A Forbes ASAP artcle,Case Study: Reinventing The Heel, discusses the conditions, pressures and inspirations that Nike and its global creative director of footwear design John Hoke III (an architect by training) experience when consistently designing athletic footwear that not only sells outrageously well but that changes footwear designing altogether.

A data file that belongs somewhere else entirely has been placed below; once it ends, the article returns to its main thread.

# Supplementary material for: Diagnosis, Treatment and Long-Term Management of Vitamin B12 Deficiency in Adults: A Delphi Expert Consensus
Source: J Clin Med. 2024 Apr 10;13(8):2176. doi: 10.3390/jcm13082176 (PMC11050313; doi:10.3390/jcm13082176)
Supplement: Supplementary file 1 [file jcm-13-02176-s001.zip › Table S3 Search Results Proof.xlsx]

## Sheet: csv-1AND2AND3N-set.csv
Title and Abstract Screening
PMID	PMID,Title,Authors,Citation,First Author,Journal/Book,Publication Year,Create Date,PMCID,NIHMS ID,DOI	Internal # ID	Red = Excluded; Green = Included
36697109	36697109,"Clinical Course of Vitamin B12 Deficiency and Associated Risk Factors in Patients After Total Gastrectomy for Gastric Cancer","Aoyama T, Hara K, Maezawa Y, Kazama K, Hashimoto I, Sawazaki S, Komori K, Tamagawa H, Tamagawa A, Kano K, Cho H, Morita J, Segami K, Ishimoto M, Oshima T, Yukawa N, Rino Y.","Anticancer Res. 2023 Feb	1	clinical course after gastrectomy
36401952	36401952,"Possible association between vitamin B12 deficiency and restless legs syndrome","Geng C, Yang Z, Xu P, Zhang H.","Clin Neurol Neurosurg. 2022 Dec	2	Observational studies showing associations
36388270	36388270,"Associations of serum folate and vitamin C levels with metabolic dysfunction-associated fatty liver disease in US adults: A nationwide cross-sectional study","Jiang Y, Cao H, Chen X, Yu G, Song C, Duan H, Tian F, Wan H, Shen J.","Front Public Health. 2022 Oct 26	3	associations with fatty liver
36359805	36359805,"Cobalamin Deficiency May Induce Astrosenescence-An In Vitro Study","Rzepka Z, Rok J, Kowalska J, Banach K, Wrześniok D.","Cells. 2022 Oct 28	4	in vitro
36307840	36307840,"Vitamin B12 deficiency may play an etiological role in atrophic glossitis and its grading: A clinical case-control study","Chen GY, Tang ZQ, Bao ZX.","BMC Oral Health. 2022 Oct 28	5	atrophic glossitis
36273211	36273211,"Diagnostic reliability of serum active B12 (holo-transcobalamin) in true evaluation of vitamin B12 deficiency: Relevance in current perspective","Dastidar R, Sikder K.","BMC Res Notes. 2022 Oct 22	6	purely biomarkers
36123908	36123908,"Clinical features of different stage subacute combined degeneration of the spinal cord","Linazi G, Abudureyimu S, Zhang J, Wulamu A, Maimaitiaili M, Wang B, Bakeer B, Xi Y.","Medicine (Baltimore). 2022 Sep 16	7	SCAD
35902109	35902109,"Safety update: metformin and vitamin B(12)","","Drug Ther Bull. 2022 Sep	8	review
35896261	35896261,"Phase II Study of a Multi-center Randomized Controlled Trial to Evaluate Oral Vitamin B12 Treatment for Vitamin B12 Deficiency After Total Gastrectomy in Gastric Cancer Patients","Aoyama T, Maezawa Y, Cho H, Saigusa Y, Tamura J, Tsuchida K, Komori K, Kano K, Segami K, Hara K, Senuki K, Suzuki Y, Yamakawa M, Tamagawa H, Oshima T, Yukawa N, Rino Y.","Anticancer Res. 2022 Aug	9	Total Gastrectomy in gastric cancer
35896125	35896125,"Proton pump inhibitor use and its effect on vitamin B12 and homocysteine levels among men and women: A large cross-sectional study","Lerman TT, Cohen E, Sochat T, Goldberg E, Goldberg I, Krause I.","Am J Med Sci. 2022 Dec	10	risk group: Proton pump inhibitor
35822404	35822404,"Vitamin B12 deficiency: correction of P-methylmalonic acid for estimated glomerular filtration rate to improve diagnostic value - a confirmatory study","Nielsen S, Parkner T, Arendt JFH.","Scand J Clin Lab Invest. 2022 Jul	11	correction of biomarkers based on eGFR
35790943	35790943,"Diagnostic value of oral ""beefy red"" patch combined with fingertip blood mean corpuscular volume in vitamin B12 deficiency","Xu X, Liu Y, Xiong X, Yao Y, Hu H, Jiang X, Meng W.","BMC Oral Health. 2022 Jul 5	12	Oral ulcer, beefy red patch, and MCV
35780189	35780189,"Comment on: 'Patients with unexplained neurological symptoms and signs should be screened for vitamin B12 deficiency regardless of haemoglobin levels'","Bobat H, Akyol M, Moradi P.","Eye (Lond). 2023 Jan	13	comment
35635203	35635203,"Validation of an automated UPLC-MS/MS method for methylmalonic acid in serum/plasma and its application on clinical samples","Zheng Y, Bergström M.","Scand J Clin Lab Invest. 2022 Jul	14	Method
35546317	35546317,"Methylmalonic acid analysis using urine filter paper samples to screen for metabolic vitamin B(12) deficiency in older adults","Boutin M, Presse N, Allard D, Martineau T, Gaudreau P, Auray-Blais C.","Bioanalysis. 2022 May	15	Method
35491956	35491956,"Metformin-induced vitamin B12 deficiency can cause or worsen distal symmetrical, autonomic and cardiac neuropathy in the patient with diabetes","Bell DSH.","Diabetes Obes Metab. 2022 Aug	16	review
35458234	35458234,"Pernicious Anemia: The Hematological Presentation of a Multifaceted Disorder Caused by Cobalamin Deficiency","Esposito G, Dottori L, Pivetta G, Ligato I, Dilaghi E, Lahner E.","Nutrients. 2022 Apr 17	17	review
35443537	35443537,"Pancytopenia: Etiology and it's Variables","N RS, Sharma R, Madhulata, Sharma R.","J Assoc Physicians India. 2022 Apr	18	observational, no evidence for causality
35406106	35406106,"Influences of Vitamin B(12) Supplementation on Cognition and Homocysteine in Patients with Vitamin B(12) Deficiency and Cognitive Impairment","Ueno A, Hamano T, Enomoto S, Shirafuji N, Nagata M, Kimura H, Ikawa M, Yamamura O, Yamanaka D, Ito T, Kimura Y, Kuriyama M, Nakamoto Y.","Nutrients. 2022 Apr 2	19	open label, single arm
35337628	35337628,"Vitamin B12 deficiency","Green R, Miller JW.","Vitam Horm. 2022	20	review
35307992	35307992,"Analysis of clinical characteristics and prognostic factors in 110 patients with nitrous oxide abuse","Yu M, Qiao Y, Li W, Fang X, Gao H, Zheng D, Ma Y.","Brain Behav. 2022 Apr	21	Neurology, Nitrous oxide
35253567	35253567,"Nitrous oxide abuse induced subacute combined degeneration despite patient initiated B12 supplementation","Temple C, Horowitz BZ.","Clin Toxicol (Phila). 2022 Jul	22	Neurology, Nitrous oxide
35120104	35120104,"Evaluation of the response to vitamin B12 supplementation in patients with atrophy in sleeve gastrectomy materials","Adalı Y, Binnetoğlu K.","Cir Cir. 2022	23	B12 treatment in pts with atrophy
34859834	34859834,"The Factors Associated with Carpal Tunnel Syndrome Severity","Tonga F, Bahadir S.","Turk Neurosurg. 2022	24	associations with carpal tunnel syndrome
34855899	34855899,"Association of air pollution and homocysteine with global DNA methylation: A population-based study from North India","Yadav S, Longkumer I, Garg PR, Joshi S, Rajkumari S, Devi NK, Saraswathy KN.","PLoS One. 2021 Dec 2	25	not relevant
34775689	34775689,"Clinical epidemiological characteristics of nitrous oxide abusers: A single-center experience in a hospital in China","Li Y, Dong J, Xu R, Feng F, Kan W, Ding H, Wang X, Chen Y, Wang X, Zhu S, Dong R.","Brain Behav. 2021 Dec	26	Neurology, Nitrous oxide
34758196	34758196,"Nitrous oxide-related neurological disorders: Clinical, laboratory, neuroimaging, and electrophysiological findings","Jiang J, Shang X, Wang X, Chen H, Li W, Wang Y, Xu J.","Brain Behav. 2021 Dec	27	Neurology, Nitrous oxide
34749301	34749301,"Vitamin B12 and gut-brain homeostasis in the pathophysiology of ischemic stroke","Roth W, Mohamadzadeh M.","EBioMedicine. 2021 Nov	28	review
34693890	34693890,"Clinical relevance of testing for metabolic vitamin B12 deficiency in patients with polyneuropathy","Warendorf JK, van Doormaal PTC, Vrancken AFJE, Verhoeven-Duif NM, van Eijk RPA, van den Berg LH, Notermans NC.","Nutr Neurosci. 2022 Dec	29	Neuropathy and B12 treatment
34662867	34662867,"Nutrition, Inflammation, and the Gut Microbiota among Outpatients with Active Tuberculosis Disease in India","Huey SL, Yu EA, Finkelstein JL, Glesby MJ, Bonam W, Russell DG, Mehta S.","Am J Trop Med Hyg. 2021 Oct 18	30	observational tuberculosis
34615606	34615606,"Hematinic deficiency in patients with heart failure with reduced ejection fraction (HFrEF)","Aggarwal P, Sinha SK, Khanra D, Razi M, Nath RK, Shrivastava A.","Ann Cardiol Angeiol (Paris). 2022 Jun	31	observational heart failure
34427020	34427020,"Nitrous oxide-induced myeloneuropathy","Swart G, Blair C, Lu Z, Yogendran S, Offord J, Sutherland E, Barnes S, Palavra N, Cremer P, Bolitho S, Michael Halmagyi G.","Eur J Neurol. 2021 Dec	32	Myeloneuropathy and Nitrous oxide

For all the state-of-the-art, computer-aided design to be found in modern manufacturing companies, Nike’s design department seems determinedly low tech. The pencil and sketch pad rule, followed by hands-on sample making. Some of the work, like the origami project, has the look of a grade school art class filled with gifted students. In a conference room adjoining the Nike design library, three young designers sit around a table piled with books about origami. They are appraising objects they’ve made, including a fairly complex ship that’s been folded from a single sheet of paper. As if to justify this pleasurable way of spending a workday, one of them points out that if they can learn how to fold products into useful shapes, they won’t have to punch out and assemble as many separate pieces. “Plus,” he says, “this project can provide a really rich source of aesthetic directions.”